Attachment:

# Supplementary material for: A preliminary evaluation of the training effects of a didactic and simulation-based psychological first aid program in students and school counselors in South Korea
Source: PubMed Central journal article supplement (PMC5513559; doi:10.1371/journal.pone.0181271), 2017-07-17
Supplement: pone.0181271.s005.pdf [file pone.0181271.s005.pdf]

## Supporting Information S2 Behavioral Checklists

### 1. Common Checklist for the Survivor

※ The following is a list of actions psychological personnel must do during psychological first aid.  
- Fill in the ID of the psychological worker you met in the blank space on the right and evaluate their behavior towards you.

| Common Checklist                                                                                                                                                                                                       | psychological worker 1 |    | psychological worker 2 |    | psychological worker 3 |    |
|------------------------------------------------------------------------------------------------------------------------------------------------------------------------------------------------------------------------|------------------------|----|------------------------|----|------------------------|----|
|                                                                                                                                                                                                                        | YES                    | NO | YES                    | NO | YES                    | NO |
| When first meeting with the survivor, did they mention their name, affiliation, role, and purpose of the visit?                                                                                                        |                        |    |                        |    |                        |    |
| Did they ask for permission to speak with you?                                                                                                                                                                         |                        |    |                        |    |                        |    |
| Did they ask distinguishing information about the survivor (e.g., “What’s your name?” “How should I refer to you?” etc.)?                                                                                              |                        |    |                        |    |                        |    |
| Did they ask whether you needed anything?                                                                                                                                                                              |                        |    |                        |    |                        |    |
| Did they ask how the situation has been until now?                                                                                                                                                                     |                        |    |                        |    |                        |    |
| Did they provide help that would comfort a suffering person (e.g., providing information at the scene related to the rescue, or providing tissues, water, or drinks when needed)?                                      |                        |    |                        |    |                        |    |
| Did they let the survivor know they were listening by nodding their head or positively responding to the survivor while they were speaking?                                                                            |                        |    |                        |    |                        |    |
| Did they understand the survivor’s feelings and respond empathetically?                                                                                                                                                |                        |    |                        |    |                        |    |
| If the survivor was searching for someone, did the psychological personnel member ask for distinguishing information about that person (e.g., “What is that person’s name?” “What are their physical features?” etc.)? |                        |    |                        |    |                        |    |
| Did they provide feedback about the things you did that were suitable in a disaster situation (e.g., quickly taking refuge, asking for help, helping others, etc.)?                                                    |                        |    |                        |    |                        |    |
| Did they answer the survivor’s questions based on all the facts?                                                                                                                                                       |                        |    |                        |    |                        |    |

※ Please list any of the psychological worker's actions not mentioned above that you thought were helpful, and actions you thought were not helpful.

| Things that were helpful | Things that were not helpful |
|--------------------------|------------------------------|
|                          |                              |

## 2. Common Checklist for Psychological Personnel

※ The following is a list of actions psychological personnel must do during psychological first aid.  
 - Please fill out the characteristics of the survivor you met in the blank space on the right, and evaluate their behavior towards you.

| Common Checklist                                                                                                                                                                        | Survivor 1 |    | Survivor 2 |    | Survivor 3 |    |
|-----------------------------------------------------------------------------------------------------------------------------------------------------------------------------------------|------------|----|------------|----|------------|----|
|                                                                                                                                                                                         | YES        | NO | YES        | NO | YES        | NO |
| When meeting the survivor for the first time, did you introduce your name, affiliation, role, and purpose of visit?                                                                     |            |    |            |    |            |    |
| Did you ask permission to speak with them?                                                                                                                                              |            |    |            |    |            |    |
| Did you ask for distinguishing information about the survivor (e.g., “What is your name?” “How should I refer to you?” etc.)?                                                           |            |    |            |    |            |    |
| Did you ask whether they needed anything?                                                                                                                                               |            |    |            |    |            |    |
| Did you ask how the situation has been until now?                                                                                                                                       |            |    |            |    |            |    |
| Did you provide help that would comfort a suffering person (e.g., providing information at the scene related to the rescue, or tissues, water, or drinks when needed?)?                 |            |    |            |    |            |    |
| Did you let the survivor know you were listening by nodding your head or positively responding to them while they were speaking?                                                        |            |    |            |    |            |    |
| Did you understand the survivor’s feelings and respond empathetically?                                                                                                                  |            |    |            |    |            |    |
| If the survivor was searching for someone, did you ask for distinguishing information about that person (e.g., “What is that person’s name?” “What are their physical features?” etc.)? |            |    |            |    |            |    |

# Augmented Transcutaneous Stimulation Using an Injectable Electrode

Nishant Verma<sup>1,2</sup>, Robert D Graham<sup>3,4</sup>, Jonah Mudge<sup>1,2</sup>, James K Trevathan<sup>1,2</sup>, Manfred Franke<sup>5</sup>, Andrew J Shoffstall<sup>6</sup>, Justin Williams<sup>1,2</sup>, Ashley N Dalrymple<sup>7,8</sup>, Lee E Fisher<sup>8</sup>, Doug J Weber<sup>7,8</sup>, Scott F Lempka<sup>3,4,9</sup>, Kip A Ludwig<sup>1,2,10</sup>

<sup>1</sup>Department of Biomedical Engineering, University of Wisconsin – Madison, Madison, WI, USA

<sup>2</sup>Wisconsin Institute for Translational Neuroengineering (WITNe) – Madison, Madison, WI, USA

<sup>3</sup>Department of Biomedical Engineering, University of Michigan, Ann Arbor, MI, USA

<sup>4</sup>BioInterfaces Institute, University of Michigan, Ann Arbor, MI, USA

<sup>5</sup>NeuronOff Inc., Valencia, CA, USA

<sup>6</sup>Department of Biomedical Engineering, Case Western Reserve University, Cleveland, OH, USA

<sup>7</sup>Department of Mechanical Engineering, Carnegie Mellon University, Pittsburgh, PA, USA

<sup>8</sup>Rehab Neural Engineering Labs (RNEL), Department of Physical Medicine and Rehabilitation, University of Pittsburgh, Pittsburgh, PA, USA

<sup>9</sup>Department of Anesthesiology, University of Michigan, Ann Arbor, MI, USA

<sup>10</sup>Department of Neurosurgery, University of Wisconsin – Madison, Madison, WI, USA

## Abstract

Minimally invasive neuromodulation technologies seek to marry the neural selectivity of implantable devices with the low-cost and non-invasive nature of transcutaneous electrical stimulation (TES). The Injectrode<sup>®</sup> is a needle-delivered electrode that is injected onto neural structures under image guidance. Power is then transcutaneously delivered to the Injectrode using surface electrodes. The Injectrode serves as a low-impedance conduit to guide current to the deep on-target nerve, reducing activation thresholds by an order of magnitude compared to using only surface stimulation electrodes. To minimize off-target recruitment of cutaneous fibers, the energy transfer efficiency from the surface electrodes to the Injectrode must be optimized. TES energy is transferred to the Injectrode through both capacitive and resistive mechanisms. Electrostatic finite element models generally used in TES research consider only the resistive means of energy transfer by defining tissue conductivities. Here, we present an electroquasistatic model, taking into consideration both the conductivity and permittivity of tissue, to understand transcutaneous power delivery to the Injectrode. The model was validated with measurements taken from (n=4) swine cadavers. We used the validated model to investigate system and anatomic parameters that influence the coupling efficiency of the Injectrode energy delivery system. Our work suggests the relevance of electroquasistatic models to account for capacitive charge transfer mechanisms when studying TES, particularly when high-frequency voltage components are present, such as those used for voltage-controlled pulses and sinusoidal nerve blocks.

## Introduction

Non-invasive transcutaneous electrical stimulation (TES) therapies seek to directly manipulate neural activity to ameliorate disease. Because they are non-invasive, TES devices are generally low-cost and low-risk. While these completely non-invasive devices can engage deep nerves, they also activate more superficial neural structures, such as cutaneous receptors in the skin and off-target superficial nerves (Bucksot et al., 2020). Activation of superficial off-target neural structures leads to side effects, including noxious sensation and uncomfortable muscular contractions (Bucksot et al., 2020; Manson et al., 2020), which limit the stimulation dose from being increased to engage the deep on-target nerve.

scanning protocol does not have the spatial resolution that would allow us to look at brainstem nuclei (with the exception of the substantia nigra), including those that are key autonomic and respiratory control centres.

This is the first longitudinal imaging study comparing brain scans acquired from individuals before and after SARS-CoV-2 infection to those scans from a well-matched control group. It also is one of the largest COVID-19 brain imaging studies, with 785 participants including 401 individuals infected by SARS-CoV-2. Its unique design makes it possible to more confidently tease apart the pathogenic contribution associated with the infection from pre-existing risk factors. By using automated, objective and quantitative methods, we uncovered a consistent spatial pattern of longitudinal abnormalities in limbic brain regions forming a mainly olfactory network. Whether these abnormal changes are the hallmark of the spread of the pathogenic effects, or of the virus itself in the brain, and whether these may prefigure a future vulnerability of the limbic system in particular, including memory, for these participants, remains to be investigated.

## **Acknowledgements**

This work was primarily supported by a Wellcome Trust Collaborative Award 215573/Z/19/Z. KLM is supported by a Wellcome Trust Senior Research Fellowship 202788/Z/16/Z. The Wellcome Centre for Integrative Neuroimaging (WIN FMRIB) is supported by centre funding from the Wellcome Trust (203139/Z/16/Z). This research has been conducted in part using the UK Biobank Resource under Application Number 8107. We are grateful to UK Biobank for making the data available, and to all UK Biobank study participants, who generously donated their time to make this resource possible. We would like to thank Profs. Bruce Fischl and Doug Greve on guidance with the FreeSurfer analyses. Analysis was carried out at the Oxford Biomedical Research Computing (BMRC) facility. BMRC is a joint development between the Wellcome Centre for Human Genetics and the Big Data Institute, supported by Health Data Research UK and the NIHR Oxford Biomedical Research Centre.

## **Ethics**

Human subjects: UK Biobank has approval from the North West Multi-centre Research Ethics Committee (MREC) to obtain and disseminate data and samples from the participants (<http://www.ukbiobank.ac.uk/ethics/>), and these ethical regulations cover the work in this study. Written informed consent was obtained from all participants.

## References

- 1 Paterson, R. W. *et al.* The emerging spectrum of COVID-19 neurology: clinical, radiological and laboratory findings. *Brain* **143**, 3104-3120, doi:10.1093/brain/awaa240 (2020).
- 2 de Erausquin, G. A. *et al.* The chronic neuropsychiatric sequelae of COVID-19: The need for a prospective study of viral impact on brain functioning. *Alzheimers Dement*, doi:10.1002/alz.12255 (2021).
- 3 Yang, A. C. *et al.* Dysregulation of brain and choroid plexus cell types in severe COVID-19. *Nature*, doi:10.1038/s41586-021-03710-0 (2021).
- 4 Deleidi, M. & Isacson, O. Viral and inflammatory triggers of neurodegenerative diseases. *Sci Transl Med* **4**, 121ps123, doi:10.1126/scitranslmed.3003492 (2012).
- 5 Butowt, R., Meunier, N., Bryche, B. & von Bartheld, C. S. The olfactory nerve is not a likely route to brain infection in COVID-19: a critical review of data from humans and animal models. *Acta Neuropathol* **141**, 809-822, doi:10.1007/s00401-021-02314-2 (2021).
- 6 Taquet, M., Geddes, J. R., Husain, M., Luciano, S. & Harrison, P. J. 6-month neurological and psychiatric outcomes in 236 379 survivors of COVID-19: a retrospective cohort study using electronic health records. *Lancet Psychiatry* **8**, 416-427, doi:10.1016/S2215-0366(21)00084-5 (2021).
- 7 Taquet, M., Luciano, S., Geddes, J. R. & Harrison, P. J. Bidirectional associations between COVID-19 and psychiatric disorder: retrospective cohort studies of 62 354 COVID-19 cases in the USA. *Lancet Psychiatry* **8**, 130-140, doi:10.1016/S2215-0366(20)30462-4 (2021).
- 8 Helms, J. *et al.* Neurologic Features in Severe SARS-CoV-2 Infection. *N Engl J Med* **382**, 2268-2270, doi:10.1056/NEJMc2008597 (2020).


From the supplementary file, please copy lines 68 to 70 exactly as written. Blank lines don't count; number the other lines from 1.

- 5 Butowt, R., Meunier, N., Bryche, B. & von Bartheld, C. S. The olfactory nerve is not a likely route to brain infection in COVID-19: a critical review of data from humans and animal models. *Acta Neuropathol* **141**, 809-822, doi:10.1007/s00401-021-02314-2 (2021).
- 6 Taquet, M., Geddes, J. R., Husain, M., Luciano, S. & Harrison, P. J. 6-month neurological and psychiatric outcomes in 236 379 survivors of COVID-19: a retrospective cohort study using electronic health records. *Lancet Psychiatry* **8**, 416-427, doi:10.1016/S2215-0366(21)00084-5 (2021).
- 7 Taquet, M., Luciano, S., Geddes, J. R. & Harrison, P. J. Bidirectional associations between COVID-19 and psychiatric disorder: retrospective cohort studies of 62 354 COVID-19 cases in the USA. *Lancet Psychiatry* **8**, 130-140, doi:10.1016/S2215-0366(20)30462-4 (2021).